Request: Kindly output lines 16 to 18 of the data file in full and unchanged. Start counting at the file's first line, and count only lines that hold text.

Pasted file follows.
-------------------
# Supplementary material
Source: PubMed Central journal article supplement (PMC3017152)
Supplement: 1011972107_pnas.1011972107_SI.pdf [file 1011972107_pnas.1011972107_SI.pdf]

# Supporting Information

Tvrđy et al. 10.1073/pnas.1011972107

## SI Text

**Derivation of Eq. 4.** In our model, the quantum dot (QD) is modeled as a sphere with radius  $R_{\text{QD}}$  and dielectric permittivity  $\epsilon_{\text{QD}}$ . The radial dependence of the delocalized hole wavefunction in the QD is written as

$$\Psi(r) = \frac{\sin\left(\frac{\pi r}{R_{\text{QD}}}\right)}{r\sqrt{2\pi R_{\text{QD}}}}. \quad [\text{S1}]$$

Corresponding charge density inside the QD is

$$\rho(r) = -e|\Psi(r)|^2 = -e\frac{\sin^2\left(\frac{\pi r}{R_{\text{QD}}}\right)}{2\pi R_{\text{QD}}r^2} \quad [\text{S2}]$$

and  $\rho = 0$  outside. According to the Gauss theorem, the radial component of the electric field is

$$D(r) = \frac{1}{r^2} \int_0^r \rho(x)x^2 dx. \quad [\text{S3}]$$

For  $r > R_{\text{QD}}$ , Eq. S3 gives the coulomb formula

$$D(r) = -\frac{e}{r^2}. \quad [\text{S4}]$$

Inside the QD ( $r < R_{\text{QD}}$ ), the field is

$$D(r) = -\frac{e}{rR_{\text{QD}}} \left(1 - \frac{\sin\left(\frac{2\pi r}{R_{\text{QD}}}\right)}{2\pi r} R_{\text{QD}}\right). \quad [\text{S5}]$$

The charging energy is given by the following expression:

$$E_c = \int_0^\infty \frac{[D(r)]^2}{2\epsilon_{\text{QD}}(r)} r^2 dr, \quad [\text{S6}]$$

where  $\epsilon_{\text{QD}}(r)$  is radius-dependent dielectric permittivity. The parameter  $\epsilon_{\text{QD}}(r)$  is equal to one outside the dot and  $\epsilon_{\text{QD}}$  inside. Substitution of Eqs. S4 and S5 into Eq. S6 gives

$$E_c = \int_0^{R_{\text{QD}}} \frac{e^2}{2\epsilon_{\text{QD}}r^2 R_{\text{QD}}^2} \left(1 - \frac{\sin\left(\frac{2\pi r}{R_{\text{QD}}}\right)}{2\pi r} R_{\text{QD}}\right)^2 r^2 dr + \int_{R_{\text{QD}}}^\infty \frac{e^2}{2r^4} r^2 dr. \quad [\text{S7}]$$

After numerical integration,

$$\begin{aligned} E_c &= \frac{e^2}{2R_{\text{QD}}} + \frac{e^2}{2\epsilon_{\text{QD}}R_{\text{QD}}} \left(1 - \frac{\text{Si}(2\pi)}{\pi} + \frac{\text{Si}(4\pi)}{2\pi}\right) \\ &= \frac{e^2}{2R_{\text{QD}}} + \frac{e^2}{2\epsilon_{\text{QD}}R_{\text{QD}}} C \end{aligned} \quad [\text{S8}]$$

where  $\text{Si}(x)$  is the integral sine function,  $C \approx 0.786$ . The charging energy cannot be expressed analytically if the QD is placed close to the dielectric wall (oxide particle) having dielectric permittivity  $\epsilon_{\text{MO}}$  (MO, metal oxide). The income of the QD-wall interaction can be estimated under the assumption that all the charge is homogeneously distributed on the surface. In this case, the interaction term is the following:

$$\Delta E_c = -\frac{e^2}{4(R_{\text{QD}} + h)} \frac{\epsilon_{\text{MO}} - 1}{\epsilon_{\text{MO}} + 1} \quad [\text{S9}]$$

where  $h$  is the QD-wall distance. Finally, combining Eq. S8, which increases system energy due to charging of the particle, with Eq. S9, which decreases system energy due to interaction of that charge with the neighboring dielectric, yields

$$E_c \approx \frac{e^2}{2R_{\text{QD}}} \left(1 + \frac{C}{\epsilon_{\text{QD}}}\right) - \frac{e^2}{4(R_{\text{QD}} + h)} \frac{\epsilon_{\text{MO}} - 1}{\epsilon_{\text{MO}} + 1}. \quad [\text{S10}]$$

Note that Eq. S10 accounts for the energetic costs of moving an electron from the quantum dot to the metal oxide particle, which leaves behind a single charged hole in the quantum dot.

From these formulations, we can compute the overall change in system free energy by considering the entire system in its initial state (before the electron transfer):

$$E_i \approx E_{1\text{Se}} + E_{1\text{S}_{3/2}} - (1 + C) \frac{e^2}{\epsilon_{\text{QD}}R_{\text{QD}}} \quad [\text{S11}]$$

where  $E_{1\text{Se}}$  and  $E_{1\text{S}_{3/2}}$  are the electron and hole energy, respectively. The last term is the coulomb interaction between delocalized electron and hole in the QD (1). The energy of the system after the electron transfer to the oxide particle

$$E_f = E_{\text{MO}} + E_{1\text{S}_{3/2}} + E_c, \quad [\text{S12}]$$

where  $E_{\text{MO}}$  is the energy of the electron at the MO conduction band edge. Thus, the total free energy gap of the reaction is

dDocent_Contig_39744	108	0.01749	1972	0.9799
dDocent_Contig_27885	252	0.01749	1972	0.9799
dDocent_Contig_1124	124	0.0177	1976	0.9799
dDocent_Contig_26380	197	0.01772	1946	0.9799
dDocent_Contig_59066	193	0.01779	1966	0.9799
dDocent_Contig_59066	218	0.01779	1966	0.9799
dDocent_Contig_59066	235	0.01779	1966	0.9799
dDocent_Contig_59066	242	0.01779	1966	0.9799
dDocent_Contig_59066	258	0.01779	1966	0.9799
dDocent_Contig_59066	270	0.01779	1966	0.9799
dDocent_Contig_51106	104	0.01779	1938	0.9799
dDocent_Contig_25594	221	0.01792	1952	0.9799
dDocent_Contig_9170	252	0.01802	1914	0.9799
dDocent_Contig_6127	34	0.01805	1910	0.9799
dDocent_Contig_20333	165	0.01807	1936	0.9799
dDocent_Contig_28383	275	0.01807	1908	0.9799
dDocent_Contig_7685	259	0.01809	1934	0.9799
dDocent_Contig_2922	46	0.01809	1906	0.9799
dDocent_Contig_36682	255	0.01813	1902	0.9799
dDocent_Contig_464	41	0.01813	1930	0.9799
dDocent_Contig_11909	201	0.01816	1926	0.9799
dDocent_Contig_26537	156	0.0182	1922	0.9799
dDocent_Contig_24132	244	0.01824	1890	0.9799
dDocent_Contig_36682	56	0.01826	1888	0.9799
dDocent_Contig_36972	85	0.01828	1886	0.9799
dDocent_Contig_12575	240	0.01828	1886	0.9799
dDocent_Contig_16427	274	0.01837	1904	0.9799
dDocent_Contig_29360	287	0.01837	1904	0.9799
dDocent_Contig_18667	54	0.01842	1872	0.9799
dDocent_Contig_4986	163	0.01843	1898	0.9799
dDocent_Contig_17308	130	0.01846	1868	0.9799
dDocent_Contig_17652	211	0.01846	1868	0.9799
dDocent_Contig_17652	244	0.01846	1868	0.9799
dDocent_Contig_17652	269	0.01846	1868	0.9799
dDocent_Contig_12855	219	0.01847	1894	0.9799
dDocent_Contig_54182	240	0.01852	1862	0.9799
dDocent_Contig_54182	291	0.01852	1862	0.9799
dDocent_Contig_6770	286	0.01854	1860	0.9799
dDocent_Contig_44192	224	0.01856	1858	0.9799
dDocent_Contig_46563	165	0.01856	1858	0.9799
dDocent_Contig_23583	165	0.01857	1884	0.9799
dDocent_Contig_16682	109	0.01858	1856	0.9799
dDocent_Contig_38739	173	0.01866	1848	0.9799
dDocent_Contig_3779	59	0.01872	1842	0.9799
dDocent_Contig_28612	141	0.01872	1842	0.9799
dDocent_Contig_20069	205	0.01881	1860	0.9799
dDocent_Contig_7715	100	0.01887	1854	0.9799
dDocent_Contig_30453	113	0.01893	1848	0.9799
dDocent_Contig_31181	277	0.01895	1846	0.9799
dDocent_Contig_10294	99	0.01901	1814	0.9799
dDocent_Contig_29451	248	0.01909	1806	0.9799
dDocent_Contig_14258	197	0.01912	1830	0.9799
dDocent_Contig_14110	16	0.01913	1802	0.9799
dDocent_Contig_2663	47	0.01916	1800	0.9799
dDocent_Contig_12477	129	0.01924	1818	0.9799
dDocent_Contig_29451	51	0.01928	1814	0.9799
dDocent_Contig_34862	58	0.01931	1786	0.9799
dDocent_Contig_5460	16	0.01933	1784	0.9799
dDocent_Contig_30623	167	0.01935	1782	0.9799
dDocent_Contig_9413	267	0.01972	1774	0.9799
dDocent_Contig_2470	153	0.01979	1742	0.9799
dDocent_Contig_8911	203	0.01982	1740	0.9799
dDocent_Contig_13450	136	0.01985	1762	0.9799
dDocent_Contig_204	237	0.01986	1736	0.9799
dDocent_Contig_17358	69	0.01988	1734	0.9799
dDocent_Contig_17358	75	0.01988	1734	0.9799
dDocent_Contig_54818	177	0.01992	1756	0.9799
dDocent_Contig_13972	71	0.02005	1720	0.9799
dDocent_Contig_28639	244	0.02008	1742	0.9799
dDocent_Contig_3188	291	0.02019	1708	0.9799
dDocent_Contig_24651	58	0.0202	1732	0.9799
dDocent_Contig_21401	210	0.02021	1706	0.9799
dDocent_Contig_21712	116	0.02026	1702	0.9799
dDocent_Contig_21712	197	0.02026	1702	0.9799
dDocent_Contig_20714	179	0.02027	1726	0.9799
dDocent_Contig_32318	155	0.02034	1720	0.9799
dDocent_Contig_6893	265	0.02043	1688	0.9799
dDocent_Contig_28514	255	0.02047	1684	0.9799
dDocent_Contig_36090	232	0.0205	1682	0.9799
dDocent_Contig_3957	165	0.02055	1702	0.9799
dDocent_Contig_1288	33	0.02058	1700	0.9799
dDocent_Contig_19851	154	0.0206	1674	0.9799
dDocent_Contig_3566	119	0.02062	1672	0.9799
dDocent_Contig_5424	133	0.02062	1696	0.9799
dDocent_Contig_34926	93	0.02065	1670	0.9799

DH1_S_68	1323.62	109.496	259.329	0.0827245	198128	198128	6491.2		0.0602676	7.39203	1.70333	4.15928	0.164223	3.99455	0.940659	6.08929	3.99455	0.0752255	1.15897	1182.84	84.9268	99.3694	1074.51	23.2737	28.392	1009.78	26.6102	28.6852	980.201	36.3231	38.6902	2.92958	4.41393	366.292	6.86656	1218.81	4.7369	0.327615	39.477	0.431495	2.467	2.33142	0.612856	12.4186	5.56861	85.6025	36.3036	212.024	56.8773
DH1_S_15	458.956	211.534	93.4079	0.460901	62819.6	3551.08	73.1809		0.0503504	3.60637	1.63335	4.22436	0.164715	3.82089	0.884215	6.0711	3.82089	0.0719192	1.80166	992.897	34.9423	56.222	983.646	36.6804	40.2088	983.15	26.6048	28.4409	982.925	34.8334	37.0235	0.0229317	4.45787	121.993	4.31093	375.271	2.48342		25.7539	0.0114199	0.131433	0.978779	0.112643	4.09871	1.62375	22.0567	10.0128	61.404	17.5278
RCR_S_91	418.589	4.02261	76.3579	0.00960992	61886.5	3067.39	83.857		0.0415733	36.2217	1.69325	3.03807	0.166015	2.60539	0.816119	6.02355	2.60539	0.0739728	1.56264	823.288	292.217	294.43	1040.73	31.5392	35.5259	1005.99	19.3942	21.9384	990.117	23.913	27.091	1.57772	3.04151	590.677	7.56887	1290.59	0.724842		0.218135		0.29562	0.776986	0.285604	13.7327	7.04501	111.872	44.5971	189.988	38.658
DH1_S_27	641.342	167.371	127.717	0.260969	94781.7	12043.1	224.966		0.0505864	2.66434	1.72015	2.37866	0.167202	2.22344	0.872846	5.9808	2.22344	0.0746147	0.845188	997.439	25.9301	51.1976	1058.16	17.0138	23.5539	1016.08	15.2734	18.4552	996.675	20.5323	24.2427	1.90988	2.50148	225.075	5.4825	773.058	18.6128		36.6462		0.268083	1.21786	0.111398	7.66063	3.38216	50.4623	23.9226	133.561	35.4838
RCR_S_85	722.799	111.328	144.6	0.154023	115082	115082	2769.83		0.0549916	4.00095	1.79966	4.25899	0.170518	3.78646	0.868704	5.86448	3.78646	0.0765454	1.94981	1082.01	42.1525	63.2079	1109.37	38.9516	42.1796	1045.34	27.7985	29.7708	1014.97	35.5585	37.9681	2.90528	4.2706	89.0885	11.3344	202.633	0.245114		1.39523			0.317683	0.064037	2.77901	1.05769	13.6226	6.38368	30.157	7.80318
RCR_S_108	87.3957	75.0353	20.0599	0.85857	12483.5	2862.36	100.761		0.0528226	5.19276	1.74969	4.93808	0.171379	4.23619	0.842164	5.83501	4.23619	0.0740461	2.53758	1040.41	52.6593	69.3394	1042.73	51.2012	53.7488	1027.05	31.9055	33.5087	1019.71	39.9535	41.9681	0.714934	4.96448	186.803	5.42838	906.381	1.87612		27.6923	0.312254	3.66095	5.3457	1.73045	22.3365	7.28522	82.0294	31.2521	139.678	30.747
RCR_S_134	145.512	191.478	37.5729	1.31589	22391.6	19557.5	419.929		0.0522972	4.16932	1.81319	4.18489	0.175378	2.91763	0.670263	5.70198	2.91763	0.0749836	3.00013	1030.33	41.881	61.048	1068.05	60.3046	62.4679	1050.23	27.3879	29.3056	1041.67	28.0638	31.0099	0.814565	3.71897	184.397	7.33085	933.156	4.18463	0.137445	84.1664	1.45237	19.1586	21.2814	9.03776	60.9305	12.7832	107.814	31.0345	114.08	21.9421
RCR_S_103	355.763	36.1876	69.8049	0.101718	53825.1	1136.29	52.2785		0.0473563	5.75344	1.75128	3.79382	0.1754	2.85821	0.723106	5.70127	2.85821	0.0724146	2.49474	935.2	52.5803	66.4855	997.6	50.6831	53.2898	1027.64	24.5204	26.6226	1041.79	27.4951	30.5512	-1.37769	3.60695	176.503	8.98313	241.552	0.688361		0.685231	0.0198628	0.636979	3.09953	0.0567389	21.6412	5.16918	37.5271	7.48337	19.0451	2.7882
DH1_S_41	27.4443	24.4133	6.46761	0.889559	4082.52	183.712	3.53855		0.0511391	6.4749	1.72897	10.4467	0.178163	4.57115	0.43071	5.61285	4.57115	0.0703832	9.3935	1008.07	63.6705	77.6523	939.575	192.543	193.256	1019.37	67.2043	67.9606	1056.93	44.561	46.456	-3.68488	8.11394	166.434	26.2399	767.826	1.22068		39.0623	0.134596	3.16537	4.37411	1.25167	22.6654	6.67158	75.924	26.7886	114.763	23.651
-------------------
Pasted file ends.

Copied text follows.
$$D(r) = -\frac{e}{rR_{\text{QD}}} \left(1 - \frac{\sin\left(\frac{2\pi r}{R_{\text{QD}}}\right)}{2\pi r} R_{\text{QD}}\right). \quad [\text{S5}]$$

The charging energy is given by the following expression:

$$E_c = \int_0^\infty \frac{[D(r)]^2}{2\epsilon_{\text{QD}}(r)} r^2 dr, \quad [\text{S6}]$$